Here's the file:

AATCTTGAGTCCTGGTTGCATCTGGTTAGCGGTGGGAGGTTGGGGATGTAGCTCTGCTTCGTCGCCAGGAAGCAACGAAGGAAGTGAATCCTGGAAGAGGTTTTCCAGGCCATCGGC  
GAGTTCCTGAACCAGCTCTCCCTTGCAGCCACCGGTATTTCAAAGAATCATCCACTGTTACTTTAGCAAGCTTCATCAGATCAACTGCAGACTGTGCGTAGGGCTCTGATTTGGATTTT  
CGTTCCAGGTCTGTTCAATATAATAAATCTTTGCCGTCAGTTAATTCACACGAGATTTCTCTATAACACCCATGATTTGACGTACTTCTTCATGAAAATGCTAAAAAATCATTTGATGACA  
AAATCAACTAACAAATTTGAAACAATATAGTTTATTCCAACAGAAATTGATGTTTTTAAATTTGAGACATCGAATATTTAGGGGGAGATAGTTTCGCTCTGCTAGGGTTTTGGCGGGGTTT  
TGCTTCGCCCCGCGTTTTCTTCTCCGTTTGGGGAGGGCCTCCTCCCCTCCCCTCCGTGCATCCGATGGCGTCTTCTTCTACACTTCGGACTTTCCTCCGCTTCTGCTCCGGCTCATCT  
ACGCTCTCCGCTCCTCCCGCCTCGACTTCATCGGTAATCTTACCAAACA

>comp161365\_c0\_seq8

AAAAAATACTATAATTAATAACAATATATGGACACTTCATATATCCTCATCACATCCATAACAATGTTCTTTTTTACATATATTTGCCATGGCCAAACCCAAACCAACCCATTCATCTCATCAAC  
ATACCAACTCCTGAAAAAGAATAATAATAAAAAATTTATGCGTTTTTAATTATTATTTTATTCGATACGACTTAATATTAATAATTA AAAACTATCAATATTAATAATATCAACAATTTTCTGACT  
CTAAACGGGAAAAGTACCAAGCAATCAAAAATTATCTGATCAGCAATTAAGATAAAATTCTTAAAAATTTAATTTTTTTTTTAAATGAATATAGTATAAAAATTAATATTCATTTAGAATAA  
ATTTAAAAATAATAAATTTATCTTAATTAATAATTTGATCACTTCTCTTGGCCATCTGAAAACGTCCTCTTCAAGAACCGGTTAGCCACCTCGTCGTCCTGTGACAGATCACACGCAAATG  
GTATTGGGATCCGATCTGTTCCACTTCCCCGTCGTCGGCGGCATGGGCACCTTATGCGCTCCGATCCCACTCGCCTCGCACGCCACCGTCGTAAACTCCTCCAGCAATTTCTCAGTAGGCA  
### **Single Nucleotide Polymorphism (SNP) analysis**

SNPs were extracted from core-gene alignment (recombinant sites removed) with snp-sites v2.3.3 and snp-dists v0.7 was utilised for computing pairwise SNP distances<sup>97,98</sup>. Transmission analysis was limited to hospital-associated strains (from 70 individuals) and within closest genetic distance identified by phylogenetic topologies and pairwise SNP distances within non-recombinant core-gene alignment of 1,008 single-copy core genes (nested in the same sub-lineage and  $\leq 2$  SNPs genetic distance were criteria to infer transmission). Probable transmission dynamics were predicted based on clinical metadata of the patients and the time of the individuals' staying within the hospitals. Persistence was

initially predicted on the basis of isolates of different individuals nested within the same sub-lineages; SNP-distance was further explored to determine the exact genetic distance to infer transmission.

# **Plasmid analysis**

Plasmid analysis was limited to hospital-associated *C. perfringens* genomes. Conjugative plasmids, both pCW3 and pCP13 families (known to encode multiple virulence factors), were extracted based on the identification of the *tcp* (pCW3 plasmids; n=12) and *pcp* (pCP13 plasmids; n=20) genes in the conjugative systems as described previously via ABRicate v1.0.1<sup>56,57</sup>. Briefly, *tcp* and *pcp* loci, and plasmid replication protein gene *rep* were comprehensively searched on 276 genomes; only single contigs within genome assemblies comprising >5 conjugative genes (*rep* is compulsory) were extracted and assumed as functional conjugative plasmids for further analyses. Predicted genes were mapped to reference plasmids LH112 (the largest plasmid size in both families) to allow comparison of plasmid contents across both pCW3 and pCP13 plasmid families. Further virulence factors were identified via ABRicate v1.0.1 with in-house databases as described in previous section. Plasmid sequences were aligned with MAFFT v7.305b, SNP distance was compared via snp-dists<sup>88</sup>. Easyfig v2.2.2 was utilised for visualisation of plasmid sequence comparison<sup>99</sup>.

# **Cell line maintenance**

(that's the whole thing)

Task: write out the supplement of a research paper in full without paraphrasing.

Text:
AATCTTGAGTCCTGGTTGCATCTGGTTAGCGGTGGGAGGTTGGGGATGTAGCTCTGCTTCGTCGCCAGGAAGCAACGAAGGAAGTGAATCCTGGAAGAGGTTTTCCAGGCCATCGGC  
GAGTTCCTGAACCAGCTCTCCCTTGCAGCCACCGGTATTTCAAAGAATCATCCACTGTTACTTTAGCAAGCTTCATCAGATCAACTGCAGACTGTGCGTAGGGCTCTGATTTGGATTTT  
CGTTCCAGGTCTGTTCAATATAATAAATCTTTGCCGTCAGTTAATTCACACGAGATTTCTCTATAACACCCATGATTTGACGTACTTCTTCATGAAAATGCTAAAAAATCATTTGATGACA  
AAATCAACTAACAAATTTGAAACAATATAGTTTATTCCAACAGAAATTGATGTTTTTAAATTTGAGACATCGAATATTTAGGGGGAGATAGTTTCGCTCTGCTAGGGTTTTGGCGGGGTTT  
TGCTTCGCCCCGCGTTTTCTTCTCCGTTTGGGGAGGGCCTCCTCCCCTCCCCTCCGTGCATCCGATGGCGTCTTCTTCTACACTTCGGACTTTCCTCCGCTTCTGCTCCGGCTCATCT  
ACGCTCTCCGCTCCTCCCGCCTCGACTTCATCGGTAATCTTACCAAACA

>comp161365\_c0\_seq8

AAAAAATACTATAATTAATAACAATATATGGACACTTCATATATCCTCATCACATCCATAACAATGTTCTTTTTTACATATATTTGCCATGGCCAAACCCAAACCAACCCATTCATCTCATCAAC  
ATACCAACTCCTGAAAAAGAATAATAATAAAAAATTTATGCGTTTTTAATTATTATTTTATTCGATACGACTTAATATTAATAATTA AAAACTATCAATATTAATAATATCAACAATTTTCTGACT  
CTAAACGGGAAAAGTACCAAGCAATCAAAAATTATCTGATCAGCAATTAAGATAAAATTCTTAAAAATTTAATTTTTTTTTTAAATGAATATAGTATAAAAATTAATATTCATTTAGAATAA  
ATTTAAAAATAATAAATTTATCTTAATTAATAATTTGATCACTTCTCTTGGCCATCTGAAAACGTCCTCTTCAAGAACCGGTTAGCCACCTCGTCGTCCTGTGACAGATCACACGCAAATG  
GTATTGGGATCCGATCTGTTCCACTTCCCCGTCGTCGGCGGCATGGGCACCTTATGCGCTCCGATCCCACTCGCCTCGCACGCCACCGTCGTAAACTCCTCCAGCAATTTCTCAGTAGGCA  
### **Single Nucleotide Polymorphism (SNP) analysis**

SNPs were extracted from core-gene alignment (recombinant sites removed) with snp-sites v2.3.3 and snp-dists v0.7 was utilised for computing pairwise SNP distances<sup>97,98</sup>. Transmission analysis was limited to hospital-associated strains (from 70 individuals) and within closest genetic distance identified by phylogenetic topologies and pairwise SNP distances within non-recombinant core-gene alignment of 1,008 single-copy core genes (nested in the same sub-lineage and  $\leq 2$  SNPs genetic distance were criteria to infer transmission). Probable transmission dynamics were predicted based on clinical metadata of the patients and the time of the individuals' staying within the hospitals. Persistence was

initially predicted on the basis of isolates of different individuals nested within the same sub-lineages; SNP-distance was further explored to determine the exact genetic distance to infer transmission.

# **Plasmid analysis**

Plasmid analysis was limited to hospital-associated *C. perfringens* genomes. Conjugative plasmids, both pCW3 and pCP13 families (known to encode multiple virulence factors), were extracted based on the identification of the *tcp* (pCW3 plasmids; n=12) and *pcp* (pCP13 plasmids; n=20) genes in the conjugative systems as described previously via ABRicate v1.0.1<sup>56,57</sup>. Briefly, *tcp* and *pcp* loci, and plasmid replication protein gene *rep* were comprehensively searched on 276 genomes; only single contigs within genome assemblies comprising >5 conjugative genes (*rep* is compulsory) were extracted and assumed as functional conjugative plasmids for further analyses. Predicted genes were mapped to reference plasmids LH112 (the largest plasmid size in both families) to allow comparison of plasmid contents across both pCW3 and pCP13 plasmid families. Further virulence factors were identified via ABRicate v1.0.1 with in-house databases as described in previous section. Plasmid sequences were aligned with MAFFT v7.305b, SNP distance was compared via snp-dists<sup>88</sup>. Easyfig v2.2.2 was utilised for visualisation of plasmid sequence comparison<sup>99</sup>.

# **Cell line maintenance**